Authors
Osaki, Yoneatsu Division of Environmental and Preventive Medicine, Department of Social Medicine, Faculty of Medicine, Tottori University Researchers DB KAKEN
Otsuki, Hitoshi Division of Medical Zoology, Department of Microbiology and Immunology, Faculty of Medicine, Tottori University Researchers DB KAKEN
Imamoto, Aya Division of Pediatrics and Perinatology, Faculty of Medicine, Tottori University Researchers DB
Kinjo, Aya Division of Environmental and Preventive Medicine, Department of Social Medicine, Faculty of Medicine, Tottori University Researchers DB KAKEN
Fujii, Maya Division of Environmental and Preventive Medicine, Department of Social Medicine, Faculty of Medicine, Tottori University Researchers DB
Kuwabara, Yuki Division of Environmental and Preventive Medicine, Department of Social Medicine, Faculty of Medicine, Tottori University Researchers DB
Kondo, Yoko Division of Medical Zoology, Department of Microbiology and Immunology, Faculty of Medicine, Tottori University Researchers DB
Suyama, Yoshiko Department of Plastic and Reconstructive Surgery Researchers DB KAKEN
Keywords
Social crisis
COVID-19 pandemic
Suicide
Earthquake
Mortality
Abstract
We aimed to observe the changes in suicide rates after the Great East Japan Earthquake and during the coronavirus (COVID-19) pandemic, as typical cases of social crises, in Japan. A descriptive epidemiological study was conducted using data on the number of deaths by suicide published by the National Police Agency. The suicide rate ratio during the crisis—the monthly suicide mortality rate in the year of the crisis divided by the average suicide mortality rate in the three years before the crisis—was used as the indicator. After the earthquake, in March 2011 the suicide rate was 18% lower than the average mortality rate for the previous three years. However, it increased by 18% in May and 8% in June; increased mortality was observed among women. The suicide rate began to decline after October 2011. During the COVID-19 pandemic, the suicide rate decreased from February to June 2020. The declines in April and May were significant at 20% and 18%, respectively. From July onwards, the suicide rate of women began to rise, and from October, the overall suicide also began to increase. The rise in female suicide rates was significant, especially in October, with an increase of 70%. Thus, during these crises, suicide rates fell temporarily but then rose, especially among women. The period of increase in suicide rates was longer during the COVID-19 pandemic than after the earthquake. Therefore, there is an urgent need to promote measures for suicide prevention currently, and during a future crisis.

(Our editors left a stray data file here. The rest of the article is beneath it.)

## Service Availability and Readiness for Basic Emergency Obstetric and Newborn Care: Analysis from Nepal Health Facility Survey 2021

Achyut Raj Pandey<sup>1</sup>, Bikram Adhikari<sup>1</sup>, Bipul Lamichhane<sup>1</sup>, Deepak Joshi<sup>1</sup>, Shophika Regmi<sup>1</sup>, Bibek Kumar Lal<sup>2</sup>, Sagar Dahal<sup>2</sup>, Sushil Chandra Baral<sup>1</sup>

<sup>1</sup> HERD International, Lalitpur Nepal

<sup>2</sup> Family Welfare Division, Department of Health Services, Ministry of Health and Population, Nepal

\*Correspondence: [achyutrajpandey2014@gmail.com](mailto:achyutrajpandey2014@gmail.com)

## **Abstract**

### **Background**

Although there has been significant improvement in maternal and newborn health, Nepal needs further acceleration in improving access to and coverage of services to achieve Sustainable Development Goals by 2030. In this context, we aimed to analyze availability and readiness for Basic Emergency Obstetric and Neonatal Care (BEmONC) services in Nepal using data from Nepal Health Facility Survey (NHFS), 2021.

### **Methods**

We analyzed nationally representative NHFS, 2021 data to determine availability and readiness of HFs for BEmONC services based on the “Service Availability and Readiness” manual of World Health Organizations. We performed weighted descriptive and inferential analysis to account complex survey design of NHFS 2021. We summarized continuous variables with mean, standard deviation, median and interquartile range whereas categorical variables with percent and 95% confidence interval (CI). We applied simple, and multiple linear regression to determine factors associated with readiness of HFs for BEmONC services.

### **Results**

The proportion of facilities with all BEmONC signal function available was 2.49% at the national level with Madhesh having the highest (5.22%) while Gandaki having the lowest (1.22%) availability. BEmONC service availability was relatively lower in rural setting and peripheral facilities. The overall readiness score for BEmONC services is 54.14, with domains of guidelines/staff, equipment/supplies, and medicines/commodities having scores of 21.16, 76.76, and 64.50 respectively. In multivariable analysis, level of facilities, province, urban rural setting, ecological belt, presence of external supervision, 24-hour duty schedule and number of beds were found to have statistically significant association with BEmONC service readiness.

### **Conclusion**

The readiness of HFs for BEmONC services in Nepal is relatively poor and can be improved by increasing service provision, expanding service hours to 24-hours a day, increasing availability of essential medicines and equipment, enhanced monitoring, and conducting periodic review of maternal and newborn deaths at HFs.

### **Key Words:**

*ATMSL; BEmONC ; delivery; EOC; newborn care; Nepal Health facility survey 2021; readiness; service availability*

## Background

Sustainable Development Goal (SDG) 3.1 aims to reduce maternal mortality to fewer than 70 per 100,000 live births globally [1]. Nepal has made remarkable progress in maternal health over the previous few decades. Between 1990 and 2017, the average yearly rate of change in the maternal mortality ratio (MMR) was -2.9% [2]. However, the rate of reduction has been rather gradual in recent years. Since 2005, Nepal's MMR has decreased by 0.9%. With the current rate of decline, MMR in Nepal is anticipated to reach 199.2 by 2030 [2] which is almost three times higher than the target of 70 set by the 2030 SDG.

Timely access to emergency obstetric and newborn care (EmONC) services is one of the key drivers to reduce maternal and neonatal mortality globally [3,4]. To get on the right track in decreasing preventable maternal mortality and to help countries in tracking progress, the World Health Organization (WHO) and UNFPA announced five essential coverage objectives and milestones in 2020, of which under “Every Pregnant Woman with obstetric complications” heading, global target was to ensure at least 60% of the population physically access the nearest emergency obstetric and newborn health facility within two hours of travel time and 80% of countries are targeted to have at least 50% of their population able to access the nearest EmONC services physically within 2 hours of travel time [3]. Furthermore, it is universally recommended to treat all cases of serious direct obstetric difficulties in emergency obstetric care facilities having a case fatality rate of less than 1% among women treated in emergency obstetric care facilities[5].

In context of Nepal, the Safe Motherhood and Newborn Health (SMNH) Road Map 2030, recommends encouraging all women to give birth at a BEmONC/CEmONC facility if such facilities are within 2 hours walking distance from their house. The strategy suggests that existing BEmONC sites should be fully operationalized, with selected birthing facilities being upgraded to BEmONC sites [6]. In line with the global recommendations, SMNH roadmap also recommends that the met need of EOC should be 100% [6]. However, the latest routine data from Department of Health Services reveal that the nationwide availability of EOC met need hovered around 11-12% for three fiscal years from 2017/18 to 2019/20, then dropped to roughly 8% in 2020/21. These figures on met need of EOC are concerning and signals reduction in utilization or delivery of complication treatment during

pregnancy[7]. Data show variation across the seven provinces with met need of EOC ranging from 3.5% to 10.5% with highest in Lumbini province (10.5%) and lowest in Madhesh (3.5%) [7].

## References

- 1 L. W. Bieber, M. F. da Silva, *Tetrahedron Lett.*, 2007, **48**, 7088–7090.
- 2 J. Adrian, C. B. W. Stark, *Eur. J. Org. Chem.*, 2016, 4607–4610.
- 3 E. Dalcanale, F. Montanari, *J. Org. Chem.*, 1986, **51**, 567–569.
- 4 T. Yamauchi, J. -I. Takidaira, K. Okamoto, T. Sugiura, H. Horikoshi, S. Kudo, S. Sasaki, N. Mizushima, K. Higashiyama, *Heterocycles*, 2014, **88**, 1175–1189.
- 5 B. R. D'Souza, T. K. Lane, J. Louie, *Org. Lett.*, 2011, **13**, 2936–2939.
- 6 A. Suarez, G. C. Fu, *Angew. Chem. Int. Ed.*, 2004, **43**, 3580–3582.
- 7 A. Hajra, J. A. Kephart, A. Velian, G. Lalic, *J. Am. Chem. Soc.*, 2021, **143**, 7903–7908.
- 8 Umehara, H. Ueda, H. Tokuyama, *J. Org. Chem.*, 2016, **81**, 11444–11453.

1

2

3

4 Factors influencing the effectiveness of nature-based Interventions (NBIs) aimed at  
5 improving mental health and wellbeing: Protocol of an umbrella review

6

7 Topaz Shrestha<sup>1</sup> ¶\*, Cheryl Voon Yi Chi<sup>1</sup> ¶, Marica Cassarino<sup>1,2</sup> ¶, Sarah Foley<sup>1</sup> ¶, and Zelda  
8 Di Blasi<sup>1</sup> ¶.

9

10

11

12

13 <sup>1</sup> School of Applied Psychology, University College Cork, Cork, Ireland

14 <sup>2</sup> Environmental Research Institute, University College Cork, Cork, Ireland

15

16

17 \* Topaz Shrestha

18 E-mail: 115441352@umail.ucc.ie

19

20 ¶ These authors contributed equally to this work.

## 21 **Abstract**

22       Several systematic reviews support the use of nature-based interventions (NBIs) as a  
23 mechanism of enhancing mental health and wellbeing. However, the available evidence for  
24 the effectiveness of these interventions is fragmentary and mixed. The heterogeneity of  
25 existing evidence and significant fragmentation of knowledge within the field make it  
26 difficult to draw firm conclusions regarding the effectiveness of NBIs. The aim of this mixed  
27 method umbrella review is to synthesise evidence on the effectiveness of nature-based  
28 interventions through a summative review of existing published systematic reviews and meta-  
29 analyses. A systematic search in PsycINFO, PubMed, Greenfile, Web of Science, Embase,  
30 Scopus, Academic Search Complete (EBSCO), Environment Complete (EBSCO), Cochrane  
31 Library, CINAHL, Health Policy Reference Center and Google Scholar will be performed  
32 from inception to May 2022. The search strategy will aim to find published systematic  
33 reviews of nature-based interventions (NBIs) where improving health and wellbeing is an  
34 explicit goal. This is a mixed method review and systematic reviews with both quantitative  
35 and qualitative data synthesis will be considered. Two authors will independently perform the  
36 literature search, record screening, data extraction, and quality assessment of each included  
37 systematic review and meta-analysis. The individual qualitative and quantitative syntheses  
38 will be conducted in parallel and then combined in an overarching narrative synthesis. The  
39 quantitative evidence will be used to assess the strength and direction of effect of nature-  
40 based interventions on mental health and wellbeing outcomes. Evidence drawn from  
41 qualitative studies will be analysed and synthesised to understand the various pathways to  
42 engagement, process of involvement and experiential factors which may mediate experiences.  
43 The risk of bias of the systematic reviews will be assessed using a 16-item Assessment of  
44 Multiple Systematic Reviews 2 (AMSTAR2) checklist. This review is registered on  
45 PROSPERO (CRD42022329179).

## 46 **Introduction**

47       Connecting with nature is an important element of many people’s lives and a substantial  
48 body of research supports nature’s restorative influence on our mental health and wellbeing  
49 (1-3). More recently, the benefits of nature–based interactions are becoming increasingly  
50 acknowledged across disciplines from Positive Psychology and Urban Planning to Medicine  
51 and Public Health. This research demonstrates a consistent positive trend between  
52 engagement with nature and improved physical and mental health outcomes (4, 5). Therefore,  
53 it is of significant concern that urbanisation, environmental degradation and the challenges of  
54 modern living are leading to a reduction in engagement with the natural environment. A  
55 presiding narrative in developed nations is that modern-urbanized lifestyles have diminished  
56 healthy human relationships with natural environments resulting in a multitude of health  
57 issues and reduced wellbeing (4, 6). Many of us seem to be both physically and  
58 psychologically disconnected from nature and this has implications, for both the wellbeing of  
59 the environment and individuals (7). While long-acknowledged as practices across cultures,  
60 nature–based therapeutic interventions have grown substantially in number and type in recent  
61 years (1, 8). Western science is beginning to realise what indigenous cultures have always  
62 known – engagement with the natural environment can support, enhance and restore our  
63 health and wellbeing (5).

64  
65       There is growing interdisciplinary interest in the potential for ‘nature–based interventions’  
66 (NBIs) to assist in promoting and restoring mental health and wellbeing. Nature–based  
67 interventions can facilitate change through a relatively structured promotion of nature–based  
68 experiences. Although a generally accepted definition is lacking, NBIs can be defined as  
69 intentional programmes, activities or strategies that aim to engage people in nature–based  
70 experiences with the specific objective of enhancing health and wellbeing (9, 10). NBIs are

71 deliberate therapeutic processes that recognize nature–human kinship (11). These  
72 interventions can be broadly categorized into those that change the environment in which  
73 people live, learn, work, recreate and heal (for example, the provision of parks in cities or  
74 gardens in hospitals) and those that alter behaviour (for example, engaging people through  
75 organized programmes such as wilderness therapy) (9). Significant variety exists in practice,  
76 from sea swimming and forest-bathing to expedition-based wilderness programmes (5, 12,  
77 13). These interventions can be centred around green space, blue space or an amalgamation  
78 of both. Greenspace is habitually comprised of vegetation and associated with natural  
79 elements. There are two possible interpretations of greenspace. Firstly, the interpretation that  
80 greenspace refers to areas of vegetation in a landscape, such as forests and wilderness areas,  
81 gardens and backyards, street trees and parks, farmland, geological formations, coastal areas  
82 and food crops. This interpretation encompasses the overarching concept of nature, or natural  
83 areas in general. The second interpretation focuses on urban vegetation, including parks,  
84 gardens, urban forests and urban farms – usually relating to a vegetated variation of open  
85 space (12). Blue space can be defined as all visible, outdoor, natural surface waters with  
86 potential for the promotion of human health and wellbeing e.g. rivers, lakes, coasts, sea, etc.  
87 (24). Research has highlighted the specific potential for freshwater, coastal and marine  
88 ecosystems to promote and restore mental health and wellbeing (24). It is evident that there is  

Publisher
Elsevier.
Content Type
Journal Article
Link
ISSN
00223956
Journal Title
Journal of Psychiatric Research
Current Journal Title
Journal of Psychiatric Research
Volume
140
Start Page
39
End Page
44
Published Date
2021-08
Publisher-DOI
Text Version
Author
Rights
© 2021 Elsevier Ltd. All rights reserved.
Citation
Osaki, Yoneatsu. Otsuki, Hitoshi. Imamoto, Aya. et al. Suicide rates during social crises: Changes in the suicide rate in Japan after the Great East Japan earthquake and during the COVID-19 pandemic. Journal of Psychiatric Research. 140. 39-44. 2021-08-31.
Department
Faculty of Medicine/Graduate School of Medical Sciences/University Hospital
Language
English
pii
S0022-3956(21)00304-6